D800, Combined exposure from four different images: 1) and 2) f/14, 30 s, ISO 100 3) f/2,8, 0.6 s, ISO 100 4) f/16, 30 s, ISO 100

"San Francisco in the Spirit"
Full resolution on Flickr

The Golden Gate Bridge during fog is certainly Walker’s favorite motif, but not his only one. He travels frequently, taking pictures of landscapes, stars and typical cityscapes. But when he returns from his shootings, his hometown provides more than enough reasons to pull out his camera: “The Bay Bridge is a subject that’s neglected too often. In this picture, you see the bridge on the left and the financial district in the background in the weeks before Christmas. Like every year, the skyscrapers are festively lit. Above the skyline you can even recognize Venus. And on the TransAmerica Building, a blue light shines like a bright star.”

D800, Makro-Planar T* 2/100, f/14, 30 s, ISO 100, panorama image composed of three separate images

“Under the Bay Bridge”
Full resolution on Flickr

For Walker, the blue “star“ atop the skyscraper underscores what he likes so much about his chosen lenses, especially when used at night — namely, that highlights before a dark background appear evenly in their star form, without any bothersome reflections. This happens with both light sources located far away and smaller light sources, such as the lights on a bridge.  “All of the features of ZEISS lenses that I like so much are ones that help me compose images that work every time: reliable focus at infinity, excellent sharpness and colors, and minimal reflections.  You can see that on this last picture, which I think is a very “intimate” depiction of the skyline of San Francisco. It’s stylishly framed by the Bay Bridge, and the blue fire of light on the roof of the TransAmerica Building reflects itself so intensely in the bay, as if the beam of light were that close to the lens.”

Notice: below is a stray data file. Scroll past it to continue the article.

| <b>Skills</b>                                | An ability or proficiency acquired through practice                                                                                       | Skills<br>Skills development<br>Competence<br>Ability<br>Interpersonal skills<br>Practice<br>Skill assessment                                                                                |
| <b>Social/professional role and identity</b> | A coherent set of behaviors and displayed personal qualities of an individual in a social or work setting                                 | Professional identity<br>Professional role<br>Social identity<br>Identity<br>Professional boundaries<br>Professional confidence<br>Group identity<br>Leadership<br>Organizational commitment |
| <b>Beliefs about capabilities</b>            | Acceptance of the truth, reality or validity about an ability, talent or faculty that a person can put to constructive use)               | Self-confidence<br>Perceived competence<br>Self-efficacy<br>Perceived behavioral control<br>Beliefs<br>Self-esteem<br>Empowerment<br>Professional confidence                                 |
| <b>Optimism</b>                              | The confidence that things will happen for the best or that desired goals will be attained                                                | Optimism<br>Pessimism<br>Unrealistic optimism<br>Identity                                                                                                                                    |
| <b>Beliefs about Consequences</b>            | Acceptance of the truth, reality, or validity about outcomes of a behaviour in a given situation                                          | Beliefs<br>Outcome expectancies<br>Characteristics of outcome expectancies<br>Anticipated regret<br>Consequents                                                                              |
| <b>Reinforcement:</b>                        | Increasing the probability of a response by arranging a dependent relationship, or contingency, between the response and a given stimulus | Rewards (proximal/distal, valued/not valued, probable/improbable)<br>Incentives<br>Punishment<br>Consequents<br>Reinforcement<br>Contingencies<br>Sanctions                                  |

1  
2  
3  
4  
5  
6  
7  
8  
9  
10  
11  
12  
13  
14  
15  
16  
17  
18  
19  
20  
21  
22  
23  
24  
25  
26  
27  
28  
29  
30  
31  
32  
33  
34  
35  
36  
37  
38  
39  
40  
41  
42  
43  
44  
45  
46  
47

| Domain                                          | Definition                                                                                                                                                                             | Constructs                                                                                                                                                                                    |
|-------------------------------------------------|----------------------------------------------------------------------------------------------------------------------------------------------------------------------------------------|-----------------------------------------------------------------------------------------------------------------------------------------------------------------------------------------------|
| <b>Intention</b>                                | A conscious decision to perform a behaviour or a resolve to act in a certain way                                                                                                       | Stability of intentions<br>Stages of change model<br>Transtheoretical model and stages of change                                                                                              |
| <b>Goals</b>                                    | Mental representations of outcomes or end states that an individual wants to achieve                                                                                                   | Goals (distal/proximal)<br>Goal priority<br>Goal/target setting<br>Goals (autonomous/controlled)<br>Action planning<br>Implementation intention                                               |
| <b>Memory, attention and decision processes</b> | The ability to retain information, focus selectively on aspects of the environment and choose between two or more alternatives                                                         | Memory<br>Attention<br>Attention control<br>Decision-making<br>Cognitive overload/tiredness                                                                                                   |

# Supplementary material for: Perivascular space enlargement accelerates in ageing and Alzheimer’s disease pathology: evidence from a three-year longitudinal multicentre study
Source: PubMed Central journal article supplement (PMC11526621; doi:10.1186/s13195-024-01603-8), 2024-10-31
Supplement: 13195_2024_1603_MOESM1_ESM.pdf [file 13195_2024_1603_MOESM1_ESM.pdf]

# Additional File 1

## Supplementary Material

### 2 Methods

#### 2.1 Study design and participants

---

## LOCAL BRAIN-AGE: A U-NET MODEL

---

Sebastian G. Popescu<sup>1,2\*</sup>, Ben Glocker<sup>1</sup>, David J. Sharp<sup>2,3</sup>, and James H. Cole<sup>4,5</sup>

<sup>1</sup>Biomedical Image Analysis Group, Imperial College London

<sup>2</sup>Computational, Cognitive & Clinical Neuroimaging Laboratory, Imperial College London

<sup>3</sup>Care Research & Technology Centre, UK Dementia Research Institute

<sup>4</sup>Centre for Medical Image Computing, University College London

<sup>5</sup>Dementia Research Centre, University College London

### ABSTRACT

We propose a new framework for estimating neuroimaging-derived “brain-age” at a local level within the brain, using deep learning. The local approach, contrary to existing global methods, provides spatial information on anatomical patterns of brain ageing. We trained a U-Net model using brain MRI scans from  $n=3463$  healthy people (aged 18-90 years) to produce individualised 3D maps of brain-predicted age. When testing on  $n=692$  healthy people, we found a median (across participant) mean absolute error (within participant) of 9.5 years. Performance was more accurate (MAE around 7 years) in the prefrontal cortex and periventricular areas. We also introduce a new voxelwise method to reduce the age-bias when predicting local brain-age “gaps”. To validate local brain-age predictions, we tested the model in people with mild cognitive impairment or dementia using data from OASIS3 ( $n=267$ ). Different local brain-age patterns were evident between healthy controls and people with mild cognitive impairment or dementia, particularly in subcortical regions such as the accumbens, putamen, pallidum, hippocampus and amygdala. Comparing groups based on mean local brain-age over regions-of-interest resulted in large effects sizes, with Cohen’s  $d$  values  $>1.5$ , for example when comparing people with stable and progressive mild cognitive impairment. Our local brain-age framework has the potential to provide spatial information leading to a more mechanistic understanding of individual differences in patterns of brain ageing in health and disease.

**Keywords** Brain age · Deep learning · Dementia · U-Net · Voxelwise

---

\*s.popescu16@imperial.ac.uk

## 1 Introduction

About Matt Walker

Matt Walker has been taking pictures since he was young, but only got seriously interested in photography at the start of the digital age. A horticulturalist for large estate gardens in the San Francisco area and a father of three, Walker is currently active in architectural and product photography, though his main passion remains taking pictures of landscapes in low light. Walker’s work has appeared in Popular Photography Magazine and POP Photo.  In 2013, he won “Best Landscape/Nature Shot” by Popular Photography Magazine.

http://www.flickr.com/photos/rootswalker/

 

 

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4 Comments

  1. Hi Armand, yes those shots you need to park at the top of Yerba Buena Island, and make your way through some holes in a cyclone fence. For the shot below the bridge you need cross a road, and slide down steep trails. It’s all illegal.

    Reply
    1. ZEISS Camera Lenses

      Post author

      Hi Jimmy!
      Thank you. You can have a look at the detailed EXIF data on Flickr.
      For these images Matt Walker decided to use the Nikon D800.
      Best regards
      your ZEISS Lenses Team

      Reply